Amateur astronomers helped find a bizarre planet comparable only to the likes of Star Wars; as the alien world orbits two suns, it is orbited by two other suns.
The planet, called PH1 is a Neptune sized gas giant and is circumbinary, having two parent stars, similar to the fictional planet Tatooine the famed childhood home of Luke Skywalker. PH1 however has a twist; as it orbits its stars every 138 days and its stars orbit each other every 20 days, a second pair of stars orbits the whole system from 93,000,000,000 miles away.
“It's fascinating to try and imagine what it would be like to visit a planet with four Suns in its sky, but this new world is confusing astronomers - it's not at all clear how it formed in such a busy environment,” said Dr. Chris Lintott, of Oxford University, a member of the Planethunters.org team.
According to the Daily Mail, the view from PH1 would show a double sunset with two extremely bright stars far off in the night sky.
Kian Jek of San Francisco, Calif., and Robert Gagliano of Cottonwood, Ariz, initially viewed the planet and its four suns through the Kepler space telescope by using the transit method, in which researchers look for faint dips in light as planets pass (or transit) in front of their parent stars, Fox News reports.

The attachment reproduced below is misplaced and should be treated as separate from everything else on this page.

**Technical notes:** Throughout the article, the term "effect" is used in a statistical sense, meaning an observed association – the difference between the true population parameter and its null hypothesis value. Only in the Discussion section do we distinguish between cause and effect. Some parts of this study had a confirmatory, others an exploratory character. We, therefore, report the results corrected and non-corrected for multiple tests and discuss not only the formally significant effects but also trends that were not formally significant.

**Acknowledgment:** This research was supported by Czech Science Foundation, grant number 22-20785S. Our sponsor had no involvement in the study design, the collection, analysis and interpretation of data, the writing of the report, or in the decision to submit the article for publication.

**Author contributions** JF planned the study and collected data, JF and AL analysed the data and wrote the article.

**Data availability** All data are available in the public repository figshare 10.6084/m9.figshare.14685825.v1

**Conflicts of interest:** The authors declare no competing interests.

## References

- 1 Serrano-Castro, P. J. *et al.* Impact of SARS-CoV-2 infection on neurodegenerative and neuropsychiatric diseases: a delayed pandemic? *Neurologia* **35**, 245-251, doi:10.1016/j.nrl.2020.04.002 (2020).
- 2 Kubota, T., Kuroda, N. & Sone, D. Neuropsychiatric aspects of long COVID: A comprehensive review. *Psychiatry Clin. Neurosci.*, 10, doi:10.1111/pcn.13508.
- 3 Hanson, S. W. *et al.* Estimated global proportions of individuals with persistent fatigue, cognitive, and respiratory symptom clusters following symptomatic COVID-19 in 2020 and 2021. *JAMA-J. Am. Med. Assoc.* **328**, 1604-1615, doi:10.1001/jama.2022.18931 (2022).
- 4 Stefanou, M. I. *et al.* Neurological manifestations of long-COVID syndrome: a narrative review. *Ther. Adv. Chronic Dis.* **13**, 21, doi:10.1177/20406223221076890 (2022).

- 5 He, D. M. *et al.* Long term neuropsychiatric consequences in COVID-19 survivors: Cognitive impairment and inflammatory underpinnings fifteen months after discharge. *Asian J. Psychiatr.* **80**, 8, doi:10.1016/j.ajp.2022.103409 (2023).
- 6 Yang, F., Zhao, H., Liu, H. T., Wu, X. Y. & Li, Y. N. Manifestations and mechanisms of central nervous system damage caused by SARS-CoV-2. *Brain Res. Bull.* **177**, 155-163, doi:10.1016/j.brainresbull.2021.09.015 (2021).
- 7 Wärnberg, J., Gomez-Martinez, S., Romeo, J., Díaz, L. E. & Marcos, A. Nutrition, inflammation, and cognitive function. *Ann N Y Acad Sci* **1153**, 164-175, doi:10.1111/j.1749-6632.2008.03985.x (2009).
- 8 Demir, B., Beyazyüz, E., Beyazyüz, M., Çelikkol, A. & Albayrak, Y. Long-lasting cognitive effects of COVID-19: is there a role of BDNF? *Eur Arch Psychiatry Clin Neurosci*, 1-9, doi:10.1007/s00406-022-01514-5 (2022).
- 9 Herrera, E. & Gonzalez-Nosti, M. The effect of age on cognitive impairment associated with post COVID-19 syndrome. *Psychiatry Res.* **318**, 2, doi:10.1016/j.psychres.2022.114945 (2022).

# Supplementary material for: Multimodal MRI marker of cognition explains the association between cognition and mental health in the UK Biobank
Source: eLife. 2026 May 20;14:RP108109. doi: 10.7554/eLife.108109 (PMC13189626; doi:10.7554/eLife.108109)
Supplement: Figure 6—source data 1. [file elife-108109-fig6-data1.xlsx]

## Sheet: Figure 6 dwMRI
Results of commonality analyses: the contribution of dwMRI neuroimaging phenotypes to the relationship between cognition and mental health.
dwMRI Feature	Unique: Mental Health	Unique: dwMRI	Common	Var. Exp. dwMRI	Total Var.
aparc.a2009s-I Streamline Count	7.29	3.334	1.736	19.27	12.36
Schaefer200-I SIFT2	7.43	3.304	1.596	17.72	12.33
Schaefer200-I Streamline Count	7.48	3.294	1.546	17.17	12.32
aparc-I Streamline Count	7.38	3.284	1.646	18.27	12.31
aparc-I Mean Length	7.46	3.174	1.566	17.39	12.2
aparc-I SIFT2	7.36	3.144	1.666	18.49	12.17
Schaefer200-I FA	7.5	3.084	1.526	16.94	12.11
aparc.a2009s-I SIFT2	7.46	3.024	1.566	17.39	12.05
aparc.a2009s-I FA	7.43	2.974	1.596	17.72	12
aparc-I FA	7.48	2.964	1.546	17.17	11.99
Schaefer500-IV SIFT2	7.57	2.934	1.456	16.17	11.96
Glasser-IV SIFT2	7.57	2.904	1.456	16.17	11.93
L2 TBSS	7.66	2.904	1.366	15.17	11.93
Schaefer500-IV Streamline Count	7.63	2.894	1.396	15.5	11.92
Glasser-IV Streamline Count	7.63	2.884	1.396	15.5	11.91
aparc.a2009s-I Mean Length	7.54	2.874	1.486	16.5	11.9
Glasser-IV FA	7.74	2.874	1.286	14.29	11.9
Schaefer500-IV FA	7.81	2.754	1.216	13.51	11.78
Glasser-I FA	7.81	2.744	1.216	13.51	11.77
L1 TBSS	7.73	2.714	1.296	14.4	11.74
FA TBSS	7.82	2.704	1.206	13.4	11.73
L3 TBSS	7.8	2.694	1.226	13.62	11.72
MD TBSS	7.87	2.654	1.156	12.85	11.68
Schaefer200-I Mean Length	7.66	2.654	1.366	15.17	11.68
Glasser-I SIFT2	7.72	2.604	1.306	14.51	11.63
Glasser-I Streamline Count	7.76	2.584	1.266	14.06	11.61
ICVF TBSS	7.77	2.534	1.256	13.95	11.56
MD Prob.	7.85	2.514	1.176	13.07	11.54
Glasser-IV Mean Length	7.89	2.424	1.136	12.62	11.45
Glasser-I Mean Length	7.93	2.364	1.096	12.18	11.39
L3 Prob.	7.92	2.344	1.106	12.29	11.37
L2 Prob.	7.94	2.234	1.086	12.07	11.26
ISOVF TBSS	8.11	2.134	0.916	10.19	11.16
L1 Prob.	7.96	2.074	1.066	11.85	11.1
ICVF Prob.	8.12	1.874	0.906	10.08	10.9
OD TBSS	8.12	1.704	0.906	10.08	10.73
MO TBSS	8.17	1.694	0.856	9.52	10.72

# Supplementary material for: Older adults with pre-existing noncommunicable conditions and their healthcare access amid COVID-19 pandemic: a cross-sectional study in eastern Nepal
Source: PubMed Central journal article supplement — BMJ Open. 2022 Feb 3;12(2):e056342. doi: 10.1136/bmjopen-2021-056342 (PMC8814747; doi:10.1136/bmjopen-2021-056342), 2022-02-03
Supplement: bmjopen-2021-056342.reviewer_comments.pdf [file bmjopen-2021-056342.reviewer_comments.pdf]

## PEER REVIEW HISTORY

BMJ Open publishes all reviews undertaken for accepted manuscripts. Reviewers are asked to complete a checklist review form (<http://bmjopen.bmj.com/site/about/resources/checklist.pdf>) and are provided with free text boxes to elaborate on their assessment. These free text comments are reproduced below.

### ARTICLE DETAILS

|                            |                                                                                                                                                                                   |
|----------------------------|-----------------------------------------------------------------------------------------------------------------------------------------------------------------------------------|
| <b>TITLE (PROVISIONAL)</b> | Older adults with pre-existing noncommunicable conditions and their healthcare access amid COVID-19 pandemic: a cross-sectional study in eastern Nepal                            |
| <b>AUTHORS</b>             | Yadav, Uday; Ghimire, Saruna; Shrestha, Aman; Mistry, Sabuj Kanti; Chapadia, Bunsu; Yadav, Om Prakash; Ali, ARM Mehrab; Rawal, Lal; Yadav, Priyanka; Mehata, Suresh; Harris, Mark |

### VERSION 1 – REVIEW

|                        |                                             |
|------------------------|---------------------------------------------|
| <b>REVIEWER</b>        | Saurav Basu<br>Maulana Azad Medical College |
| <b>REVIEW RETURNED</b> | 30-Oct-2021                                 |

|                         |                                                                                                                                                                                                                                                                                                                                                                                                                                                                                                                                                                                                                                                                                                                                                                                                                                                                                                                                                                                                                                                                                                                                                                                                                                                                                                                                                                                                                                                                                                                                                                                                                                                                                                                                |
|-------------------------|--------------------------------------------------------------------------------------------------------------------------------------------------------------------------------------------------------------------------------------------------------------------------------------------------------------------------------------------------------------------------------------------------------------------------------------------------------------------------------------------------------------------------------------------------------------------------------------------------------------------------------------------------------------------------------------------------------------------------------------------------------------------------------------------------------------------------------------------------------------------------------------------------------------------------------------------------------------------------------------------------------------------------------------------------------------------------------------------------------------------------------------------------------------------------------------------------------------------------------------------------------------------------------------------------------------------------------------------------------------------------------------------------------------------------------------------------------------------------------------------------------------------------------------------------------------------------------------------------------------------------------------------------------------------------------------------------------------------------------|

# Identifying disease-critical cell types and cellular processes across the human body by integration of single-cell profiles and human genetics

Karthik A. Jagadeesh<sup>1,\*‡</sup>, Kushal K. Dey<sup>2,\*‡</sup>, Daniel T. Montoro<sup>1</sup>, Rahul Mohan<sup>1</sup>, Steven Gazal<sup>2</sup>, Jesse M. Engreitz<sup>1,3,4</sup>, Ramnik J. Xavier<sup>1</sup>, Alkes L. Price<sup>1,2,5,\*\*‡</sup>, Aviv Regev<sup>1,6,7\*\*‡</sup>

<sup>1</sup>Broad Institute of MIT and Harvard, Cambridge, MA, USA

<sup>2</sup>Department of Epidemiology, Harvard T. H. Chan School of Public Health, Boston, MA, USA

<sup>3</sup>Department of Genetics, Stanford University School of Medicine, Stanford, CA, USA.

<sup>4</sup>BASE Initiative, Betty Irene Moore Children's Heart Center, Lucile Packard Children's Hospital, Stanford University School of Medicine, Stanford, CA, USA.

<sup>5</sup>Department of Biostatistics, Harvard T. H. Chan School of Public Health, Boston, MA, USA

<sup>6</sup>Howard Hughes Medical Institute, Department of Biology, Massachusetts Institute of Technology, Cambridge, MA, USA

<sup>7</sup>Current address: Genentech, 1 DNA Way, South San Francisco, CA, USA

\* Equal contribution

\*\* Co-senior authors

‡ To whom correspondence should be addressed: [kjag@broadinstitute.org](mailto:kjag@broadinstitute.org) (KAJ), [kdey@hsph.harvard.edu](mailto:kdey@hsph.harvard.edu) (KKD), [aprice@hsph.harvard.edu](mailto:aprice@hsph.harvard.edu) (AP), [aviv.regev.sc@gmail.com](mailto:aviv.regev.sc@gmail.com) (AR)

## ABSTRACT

Jek and Gagliano are volunteers with the Planet Hunter project; led by a Yale Univeristy team that gives amateur astronomers the opportunity aid in the discovery of new planets.
Professional astronomers have since confirmed the existence of PH1 and its four suns, but Jek and Gagliano are credited with the find.
"It's a great honor to be a Planet Hunter, citizen scientist, and work hand in hand with professional astronomers, making a real contribution to science," Gagliano told Fox News.
Yale University researchers reporting on the discovery say that PH1 is providing new questions for them to answer.
"The discovery of these systems is forcing us to go back to the drawing board to understand how such planets can assemble and evolve in these dynamically challenging environments," said researcher Meg Schwamb.